Here’s How Dell’s Shareholder Battle Is Heating Up
Just because founder and Chief Executive Officer Michael Dell and the private equity firm Silver Lake Partners reached a deal to take Dell (NASDAQ:DELL) private does not mean the company’s investors are going to find the terms agreeable.
Dell’s largest independent shareholder, Southeastern Asset Management, along with three other investors have objected to the deal, citing the too-low-offer of $13.65 per share as the reason for their opposition, reported Reuters on Monday.
But the discontent is not unexpected; ever since the possibility of a leveraged buyout was rumored, pundits and investors alike have struggled to define Dell’s value, an essential element for such a transaction.
A primary concern for potential buyout partners was whether Dell’s shrinking personal computer business could be resurrected. The company has been falling behind in the industry it once dominated, as competition from other personal computer companies and the transition away from desktop computing towards increased smartphone and tablet use has eroded the business…
This issue has been a concern throughout the weeks of deal-making because the value of the company is directly related to the viability of its business. And for Dell, a turnaround could be a difficult and arduous journey; its share of the personal computer market is now hovering behind Hewlett-Packard (NYSE:HPQ) and Lenovo (LNVGY.PK), and its stock price lost almost a third of its value last year.
After the $24.4 billion buyout deal was made official last Tuesday, lawsuits began. Because Michael Dell was a main player in taking the company private, concerns arose that he was trying to acquire his namesake company for the best possible price. The independent investment bank, Evercore Partners, was hired by the board to guard against any allegations of self-dealing by Michael Dell, but those accusations have arisen nonetheless.
Although Dell has clear problems facing its business, many investors found the agreed-upon terms to severely undervalue the company. After all, Dell is expected to post net earnings of approximately $3 billion in both the current and next fiscal years. The offered price represented a 25 percent premium to the stock’s closing price of $10.88 per share share on January 11, the day before the sale negotiations were made public.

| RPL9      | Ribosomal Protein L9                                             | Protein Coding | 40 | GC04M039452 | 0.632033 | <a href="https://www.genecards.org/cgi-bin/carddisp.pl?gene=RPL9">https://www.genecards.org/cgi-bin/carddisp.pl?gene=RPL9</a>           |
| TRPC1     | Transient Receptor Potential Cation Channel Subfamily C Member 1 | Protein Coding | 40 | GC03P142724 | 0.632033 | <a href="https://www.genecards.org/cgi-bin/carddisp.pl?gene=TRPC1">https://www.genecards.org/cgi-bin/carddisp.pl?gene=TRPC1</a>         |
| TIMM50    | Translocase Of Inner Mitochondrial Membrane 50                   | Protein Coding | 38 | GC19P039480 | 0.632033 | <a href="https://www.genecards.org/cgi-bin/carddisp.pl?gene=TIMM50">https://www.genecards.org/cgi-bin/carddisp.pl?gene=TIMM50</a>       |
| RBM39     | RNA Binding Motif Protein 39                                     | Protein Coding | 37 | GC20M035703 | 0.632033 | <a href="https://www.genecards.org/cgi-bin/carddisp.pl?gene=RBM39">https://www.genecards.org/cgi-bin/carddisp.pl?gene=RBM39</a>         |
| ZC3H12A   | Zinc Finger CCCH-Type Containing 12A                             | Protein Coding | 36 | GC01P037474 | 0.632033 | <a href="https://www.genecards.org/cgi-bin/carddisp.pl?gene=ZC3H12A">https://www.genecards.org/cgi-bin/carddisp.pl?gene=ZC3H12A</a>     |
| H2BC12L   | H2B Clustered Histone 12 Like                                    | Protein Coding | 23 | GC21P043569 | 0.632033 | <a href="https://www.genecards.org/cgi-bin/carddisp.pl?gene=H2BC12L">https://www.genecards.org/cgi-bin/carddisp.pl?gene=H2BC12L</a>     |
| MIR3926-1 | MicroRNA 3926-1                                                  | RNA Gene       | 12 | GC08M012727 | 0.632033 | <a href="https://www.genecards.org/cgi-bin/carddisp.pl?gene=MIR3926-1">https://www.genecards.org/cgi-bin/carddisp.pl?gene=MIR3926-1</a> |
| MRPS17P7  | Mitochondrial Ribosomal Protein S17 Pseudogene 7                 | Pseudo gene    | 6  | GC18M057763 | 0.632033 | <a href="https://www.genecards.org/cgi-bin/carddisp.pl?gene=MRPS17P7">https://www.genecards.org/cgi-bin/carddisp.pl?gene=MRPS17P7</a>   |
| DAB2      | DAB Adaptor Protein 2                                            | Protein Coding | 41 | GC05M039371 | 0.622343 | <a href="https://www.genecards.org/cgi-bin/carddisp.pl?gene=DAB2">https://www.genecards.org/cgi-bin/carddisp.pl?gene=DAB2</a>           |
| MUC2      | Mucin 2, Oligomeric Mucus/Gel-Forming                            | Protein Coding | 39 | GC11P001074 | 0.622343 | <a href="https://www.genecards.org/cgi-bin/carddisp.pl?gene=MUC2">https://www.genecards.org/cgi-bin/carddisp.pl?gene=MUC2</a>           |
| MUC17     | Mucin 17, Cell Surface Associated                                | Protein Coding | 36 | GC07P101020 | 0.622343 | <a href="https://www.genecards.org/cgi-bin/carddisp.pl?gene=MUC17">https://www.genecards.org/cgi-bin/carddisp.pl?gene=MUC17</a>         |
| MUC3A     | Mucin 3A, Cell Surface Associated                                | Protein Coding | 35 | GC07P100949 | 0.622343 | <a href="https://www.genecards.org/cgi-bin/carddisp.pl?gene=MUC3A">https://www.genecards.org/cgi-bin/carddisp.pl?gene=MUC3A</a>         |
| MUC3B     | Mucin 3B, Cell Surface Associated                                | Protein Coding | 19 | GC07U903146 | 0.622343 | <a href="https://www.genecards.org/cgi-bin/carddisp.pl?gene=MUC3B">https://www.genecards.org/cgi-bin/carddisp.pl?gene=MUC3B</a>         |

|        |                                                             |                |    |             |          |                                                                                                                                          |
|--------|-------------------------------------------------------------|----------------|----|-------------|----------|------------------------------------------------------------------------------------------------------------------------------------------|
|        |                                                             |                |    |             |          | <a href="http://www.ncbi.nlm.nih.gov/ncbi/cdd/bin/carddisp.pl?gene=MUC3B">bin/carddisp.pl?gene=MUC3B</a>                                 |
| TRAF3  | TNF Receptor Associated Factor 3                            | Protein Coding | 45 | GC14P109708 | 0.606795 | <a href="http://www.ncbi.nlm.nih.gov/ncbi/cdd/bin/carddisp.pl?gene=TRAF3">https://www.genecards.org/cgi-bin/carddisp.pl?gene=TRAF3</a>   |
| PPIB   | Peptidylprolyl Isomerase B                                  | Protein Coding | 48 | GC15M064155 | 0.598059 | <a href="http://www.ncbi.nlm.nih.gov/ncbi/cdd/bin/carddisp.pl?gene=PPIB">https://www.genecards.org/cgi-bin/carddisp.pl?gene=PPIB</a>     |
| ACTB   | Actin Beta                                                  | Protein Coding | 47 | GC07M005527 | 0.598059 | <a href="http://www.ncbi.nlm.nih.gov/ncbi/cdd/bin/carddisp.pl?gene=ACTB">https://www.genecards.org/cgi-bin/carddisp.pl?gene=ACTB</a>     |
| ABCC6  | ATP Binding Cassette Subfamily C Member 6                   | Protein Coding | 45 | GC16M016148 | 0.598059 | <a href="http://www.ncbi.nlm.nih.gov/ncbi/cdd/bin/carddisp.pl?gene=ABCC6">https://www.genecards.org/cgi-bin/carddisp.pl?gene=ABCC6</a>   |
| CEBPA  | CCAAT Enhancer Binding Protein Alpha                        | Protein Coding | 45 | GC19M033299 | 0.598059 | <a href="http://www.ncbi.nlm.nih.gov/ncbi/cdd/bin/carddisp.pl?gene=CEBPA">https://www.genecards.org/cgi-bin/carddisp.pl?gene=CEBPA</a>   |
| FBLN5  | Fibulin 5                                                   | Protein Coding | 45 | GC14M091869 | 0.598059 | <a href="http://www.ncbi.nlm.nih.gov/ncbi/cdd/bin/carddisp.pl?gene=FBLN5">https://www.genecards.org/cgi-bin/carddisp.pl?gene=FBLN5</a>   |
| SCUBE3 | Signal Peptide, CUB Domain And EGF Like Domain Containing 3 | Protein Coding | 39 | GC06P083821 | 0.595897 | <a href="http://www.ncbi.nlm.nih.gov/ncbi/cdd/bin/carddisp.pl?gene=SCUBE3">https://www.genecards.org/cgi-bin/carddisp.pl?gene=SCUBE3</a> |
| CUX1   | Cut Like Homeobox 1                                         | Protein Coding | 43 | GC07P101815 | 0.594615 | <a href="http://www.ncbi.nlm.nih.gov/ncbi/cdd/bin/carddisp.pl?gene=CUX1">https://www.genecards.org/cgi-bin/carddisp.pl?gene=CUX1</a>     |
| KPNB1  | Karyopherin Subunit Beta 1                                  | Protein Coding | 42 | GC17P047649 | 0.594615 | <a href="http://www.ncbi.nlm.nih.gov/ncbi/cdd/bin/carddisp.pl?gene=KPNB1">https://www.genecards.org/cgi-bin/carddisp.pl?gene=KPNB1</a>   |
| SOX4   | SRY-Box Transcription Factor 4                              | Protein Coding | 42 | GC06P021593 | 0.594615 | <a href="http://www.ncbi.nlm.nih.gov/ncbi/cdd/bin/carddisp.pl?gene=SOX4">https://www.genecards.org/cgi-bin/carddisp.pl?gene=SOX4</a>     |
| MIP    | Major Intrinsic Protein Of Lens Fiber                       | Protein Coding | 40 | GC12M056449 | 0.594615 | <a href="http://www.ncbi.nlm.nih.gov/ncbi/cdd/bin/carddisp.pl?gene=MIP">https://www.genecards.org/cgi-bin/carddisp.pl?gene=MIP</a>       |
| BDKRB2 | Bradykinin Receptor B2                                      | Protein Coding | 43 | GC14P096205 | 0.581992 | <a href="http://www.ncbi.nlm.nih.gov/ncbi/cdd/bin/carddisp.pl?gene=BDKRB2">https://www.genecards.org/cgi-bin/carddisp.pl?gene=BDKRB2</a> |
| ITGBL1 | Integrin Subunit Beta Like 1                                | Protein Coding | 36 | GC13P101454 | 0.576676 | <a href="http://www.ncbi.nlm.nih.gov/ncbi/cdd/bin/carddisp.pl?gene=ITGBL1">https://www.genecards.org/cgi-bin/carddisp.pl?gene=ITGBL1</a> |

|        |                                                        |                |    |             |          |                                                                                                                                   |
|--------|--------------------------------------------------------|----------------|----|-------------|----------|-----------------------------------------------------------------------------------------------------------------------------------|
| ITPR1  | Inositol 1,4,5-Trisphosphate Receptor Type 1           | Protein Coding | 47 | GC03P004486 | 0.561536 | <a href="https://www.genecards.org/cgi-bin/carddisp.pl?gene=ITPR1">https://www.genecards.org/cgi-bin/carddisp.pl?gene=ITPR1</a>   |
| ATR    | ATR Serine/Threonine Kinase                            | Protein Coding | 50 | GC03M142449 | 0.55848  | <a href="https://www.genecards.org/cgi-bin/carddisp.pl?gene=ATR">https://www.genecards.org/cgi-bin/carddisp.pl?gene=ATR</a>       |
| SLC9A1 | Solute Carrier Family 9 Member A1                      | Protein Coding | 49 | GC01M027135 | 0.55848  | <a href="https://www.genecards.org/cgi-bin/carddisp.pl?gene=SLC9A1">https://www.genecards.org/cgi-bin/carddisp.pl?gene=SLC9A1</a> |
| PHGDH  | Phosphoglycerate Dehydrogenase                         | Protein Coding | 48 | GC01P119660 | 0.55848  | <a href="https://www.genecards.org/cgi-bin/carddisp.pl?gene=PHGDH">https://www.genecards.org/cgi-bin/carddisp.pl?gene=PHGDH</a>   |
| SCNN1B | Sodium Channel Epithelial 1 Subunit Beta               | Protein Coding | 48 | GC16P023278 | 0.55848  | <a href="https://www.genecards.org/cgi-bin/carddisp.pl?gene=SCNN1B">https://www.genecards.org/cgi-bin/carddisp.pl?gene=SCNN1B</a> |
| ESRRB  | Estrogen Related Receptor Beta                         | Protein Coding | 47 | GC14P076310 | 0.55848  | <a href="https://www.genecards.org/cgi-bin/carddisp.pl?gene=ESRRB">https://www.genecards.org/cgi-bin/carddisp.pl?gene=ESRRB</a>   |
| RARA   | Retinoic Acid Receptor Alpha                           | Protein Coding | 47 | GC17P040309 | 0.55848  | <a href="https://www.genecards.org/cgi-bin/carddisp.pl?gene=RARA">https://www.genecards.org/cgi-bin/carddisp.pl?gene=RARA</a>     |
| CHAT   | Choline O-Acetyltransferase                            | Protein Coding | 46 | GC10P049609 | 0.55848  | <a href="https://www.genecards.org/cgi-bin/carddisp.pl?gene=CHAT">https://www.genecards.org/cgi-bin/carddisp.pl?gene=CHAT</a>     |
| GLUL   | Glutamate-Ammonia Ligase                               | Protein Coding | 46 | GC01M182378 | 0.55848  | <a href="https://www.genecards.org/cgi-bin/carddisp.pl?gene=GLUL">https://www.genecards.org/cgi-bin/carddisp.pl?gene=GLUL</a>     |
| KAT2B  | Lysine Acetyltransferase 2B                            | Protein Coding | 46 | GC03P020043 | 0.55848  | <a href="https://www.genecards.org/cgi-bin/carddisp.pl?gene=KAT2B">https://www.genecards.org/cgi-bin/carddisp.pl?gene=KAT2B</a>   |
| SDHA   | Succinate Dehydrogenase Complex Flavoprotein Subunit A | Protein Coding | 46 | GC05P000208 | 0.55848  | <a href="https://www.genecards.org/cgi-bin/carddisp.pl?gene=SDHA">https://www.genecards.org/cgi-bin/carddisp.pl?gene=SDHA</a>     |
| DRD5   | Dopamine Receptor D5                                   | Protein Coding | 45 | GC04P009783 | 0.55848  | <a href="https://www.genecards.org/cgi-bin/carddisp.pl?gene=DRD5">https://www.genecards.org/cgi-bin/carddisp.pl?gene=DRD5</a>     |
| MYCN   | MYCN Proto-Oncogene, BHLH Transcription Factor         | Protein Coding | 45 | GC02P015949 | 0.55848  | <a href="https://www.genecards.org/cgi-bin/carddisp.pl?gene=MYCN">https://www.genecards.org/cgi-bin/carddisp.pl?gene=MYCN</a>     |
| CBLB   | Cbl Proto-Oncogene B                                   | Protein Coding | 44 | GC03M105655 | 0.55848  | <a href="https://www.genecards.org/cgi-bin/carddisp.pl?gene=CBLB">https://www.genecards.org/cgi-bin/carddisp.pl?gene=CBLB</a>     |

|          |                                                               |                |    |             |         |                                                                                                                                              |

On Friday, Southeastern Asset Management, which holds an 8.5 percent stake in Dell, wrote a letter to the board saying that it would oppose the buyout plan. In the firm’s estimation, the company was worth close to $24 a share. According to The New York Times’ DealBook reporter Michael de la Merced, Southeastern said it would use a full range of tactics, including a proxy fight and lawsuits, to block the “ill-advised transaction.”
Other shareholders agreed. Pzena Investment Management has termed the buyout offer unfair. “There’s no logic for this deal other than greed,” Richard Pzena, the firm’s chief investment officer, told the publication. “If Michael Dell wants a bigger ownership stake, let Dell make a tender offer for the stock. Why does he have to force out everyone else?”
Dell has agreed to a 45-day go-shop period, which will allow any other interested parties to submit a competitive offer, but “it is highly unlikely that another bidder will emerge,” wrote Times contributor Steven M. Davidoff on February 8. But the company did announce on Monday that “the Special Committee of Dell’s Board considered an array of strategic alternatives,” and decided that the all-cash deal was in the best interest of its shareholders.